I recently got angry at CNN's Don Lemon because of the ignorant way he chose to voice a few comments. Lemon took it upon himself to underline ways that the black community can improve itself. His suggestions were that we stop wearing baggy pants, using the "N" word, dropping out of school and having children out of wedlock. They were good points, but the way he phrased them came across as a patronizing lecture that talked down to African Americans because the majority of us don't act in those manners. I felt that he could have used the power of his pulpit to have a nuanced discussion about the problems in the black community rather than sounding as ignorant as Fox News host Bill O'Reilly, whose stereotypes about African Americans Lemon pretty much repeated.
However, in the midst of my raging anger, a thought kept running throughout my mind: For all the arguments and discussions about whether the struggle for LGBT equality is comparable to the African-American civil rights movement, there are times when very few notice the similarities. And this was one of those times.
Lemon's condescending lecture does nothing for the African-American community. Sagging pants and poor English are not indigenous to the African-American community. Children born out of wedlock and high drop-out rates are problems that are not centered solely in the African-American community. If there are going to be serious discussions about problems facing the black community, they don't need to start with a pundit wagging his finger while sequestered behind a desk. There need to be discussions about why things like out-of-wedlock births are happening. The discussions should have more context by mentioning socioeconomic factors like unemployment and not having access to good education and health care, and systematic racism so ingrained that it practically works by itself. And viable solutions need to be voiced. All that Lemon (and O'Reilly, for that matter) actually did was exacerbate racism against African Americans by allowing those with biases against black folks to flood the comment boards with vulgar displays of gloating.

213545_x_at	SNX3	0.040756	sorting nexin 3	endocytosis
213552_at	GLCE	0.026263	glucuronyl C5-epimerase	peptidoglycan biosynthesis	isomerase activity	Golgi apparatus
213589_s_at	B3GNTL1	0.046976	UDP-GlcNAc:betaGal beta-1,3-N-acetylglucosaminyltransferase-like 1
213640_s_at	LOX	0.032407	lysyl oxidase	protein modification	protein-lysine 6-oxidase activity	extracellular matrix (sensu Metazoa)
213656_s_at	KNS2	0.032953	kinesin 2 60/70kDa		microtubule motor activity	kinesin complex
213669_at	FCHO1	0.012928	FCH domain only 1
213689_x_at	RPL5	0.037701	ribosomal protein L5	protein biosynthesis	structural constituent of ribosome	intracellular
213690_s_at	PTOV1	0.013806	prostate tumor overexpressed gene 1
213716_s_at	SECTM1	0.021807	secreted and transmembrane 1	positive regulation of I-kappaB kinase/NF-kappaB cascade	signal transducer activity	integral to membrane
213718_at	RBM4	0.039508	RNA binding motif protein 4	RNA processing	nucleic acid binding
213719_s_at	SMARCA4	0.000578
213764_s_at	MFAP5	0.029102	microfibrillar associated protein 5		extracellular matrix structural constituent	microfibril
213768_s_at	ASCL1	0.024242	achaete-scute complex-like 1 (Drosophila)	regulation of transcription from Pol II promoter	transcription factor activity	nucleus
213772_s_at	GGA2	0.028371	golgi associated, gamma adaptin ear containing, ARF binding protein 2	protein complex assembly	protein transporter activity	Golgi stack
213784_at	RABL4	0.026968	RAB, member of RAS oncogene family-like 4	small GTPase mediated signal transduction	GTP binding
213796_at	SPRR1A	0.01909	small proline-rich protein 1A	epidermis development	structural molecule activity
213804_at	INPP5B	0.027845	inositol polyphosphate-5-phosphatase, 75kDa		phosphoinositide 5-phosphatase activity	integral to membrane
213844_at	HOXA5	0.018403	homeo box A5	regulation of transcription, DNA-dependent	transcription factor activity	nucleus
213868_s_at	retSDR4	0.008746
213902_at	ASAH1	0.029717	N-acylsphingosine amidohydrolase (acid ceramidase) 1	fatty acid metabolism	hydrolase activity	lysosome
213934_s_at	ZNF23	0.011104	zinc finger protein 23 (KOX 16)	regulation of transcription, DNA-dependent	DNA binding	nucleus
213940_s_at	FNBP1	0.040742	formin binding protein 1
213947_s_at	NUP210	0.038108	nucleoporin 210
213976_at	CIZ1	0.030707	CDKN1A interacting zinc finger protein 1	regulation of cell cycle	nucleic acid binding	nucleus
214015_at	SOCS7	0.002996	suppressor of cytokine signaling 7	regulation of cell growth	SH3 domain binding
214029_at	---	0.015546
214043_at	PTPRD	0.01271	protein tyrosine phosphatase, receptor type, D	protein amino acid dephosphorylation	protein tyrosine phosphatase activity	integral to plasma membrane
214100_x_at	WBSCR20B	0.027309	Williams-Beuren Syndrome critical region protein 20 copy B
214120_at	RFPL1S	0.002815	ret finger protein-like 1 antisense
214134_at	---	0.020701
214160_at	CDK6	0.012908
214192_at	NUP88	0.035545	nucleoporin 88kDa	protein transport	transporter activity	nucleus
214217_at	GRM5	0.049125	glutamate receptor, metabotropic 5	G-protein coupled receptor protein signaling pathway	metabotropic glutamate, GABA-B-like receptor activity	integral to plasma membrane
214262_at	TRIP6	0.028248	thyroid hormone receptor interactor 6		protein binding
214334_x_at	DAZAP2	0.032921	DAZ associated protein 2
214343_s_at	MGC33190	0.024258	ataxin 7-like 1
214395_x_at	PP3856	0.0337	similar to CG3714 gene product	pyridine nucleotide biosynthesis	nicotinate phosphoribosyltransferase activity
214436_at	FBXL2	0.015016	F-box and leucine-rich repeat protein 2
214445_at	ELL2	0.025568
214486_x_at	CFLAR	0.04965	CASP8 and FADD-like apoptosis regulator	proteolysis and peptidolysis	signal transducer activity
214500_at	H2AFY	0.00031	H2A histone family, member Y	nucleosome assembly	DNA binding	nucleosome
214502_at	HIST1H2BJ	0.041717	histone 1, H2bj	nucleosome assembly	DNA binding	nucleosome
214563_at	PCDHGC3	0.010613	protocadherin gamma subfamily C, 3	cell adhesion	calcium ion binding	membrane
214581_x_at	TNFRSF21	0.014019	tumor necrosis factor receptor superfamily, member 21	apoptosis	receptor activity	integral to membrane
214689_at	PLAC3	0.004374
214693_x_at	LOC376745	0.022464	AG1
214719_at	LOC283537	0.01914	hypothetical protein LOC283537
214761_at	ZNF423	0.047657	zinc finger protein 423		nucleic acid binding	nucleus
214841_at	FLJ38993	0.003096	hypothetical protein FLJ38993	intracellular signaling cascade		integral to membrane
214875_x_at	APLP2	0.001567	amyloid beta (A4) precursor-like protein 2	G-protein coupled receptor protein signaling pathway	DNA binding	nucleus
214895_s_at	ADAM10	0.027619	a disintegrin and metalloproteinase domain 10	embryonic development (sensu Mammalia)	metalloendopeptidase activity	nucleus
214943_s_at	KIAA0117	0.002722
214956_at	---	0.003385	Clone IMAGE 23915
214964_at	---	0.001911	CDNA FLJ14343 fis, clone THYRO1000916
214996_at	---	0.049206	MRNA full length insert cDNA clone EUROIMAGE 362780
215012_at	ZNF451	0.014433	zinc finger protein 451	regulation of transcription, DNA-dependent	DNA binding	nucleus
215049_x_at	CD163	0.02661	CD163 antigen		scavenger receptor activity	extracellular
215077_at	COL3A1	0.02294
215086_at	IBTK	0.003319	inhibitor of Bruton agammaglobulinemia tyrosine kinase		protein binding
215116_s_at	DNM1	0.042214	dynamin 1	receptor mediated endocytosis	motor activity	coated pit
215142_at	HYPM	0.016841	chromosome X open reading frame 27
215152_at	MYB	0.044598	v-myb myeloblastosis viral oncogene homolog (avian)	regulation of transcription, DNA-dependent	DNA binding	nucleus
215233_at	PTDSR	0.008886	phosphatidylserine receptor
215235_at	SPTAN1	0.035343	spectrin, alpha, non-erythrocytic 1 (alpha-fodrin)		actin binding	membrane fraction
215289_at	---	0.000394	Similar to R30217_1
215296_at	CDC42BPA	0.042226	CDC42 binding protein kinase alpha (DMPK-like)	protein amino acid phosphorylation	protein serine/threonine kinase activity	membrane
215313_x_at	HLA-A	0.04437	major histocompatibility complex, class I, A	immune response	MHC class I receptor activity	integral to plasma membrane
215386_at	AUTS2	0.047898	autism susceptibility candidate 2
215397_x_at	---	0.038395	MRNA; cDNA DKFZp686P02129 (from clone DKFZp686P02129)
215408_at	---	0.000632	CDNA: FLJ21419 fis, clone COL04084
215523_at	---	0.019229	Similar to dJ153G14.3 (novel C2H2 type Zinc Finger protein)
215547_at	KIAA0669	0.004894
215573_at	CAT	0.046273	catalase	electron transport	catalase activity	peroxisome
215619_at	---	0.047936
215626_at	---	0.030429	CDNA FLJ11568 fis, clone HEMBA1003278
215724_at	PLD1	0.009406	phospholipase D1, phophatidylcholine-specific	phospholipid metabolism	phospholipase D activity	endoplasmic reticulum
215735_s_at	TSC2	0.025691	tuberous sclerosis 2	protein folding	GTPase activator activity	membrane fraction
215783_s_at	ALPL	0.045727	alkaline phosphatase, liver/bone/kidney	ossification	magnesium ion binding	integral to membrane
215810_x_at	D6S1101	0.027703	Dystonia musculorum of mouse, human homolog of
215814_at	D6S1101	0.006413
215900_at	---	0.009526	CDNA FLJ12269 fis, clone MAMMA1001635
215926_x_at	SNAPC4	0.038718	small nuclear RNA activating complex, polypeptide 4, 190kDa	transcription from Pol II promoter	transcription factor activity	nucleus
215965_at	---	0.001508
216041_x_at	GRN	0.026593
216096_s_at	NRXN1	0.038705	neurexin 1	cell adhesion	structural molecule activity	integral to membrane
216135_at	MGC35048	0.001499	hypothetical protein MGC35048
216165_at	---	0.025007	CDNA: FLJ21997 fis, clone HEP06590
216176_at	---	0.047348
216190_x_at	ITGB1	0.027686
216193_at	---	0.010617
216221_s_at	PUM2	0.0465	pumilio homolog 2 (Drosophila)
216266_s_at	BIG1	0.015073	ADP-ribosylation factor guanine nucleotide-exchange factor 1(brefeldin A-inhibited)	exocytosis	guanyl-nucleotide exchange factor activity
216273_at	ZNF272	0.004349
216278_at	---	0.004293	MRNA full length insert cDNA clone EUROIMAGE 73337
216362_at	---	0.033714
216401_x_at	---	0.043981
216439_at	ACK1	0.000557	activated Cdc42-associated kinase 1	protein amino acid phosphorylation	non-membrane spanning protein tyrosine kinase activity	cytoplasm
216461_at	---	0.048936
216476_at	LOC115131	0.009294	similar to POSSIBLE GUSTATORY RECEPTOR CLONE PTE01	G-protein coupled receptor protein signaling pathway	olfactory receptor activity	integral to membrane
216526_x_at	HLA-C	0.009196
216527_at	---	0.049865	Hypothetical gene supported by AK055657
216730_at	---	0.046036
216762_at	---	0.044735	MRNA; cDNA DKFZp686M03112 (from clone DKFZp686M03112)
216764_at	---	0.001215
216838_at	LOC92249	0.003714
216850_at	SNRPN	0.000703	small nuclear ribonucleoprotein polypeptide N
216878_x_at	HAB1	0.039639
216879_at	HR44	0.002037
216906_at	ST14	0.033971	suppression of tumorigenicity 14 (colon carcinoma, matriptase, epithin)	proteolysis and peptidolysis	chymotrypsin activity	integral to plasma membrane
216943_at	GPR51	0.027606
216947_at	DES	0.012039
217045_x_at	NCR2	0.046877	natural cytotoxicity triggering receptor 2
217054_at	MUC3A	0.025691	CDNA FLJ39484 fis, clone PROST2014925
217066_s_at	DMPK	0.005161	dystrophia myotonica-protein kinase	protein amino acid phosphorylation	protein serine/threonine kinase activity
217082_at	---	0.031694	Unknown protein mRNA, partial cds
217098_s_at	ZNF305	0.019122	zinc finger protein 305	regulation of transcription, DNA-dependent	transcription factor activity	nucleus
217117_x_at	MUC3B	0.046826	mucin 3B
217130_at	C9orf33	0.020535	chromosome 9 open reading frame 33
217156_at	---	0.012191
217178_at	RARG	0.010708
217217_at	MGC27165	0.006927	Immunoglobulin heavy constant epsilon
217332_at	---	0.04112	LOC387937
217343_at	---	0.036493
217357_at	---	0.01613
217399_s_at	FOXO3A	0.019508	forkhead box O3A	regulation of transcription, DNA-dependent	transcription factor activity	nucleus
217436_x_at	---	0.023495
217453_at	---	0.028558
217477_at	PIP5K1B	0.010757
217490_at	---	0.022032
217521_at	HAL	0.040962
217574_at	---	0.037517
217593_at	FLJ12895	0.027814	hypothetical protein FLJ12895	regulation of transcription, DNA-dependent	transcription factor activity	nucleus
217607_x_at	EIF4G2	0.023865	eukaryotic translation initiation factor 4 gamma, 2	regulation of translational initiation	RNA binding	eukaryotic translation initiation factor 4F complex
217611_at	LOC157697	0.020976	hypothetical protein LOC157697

They both reminded me of how the religious right exacerbates homophobia against the LGBT community. So many religious-right groups and leaders, from Tony Perkins and Peter Sprigg of the Family Research Council to Matt Barber of the Liberty Counsel, are quick to point out Centers for Disease Control and Prevention (CDC) statistics that talk about increased health risks in the LGBT community as proof that homosexuality is a "dangerous" lifestyle. However, these so-called defenders of truth and morality always seem to deliberately omit the fact that the CDC says that homophobia and its negative effects on the LGBT community, not the so-called gay lifestyle, are clearly to blame for these health risks. I've always believed that they omit this simple fact because it destroys their argument. They avoid having a nuanced discussion about being gay because they want to dehumanize gay people.
Certainly this is not what Lemon was trying to do to the African-American community, but that is in fact what he did. Lemon dehumanized the African-American community by reducing it to stereotypes, much like the religious right does to the LGBT community. It's something that strikes at the heart of my soul because of my dual identity as a black gay man. It was something that Mr. Lemon maybe should have realized, given that he is also a black gay man.
That fact hurt me the most, because I once looked up to Lemon as a role model. With O'Reilly, such nonsense is to be expected. He is nothing more than a high-maintenance Morton Downey Jr. whose rage and bluster conceal the fact that he just that: rage and bluster without a semblance of nuance or integrity, so his analyses of the arguments of the day are as soggy and weak as a bag of cotton candy caught in a rainstorm. Instead of agreeing with O'Reilly, Lemon should have aspired to give his audience something more intelligent.
Lemon's patronizing sermon is definitely something that both the LGBT community and the African-American community should keep in mind instead of being tricked into playing another bout of "oppression Olympics." Let's not allow ourselves to be fooled by segments of society that see our communities as either children needing to be lectured or undesirables. And let's not allow ourselves to be the pawns of pundits who see us as commodities to increase their ratings.
There is an unfortunate mentality in America that looks at both the black community and the gay community as entities to be talked about rather than talked to and commodities to be used and abused like tissue paper. To defeat this mentality, both communities must do all they can to not only solve their problems but wrest control of the conversation from those who would seek to define us in ugly and simplistic terms, because they simply don't have our best interests at heart.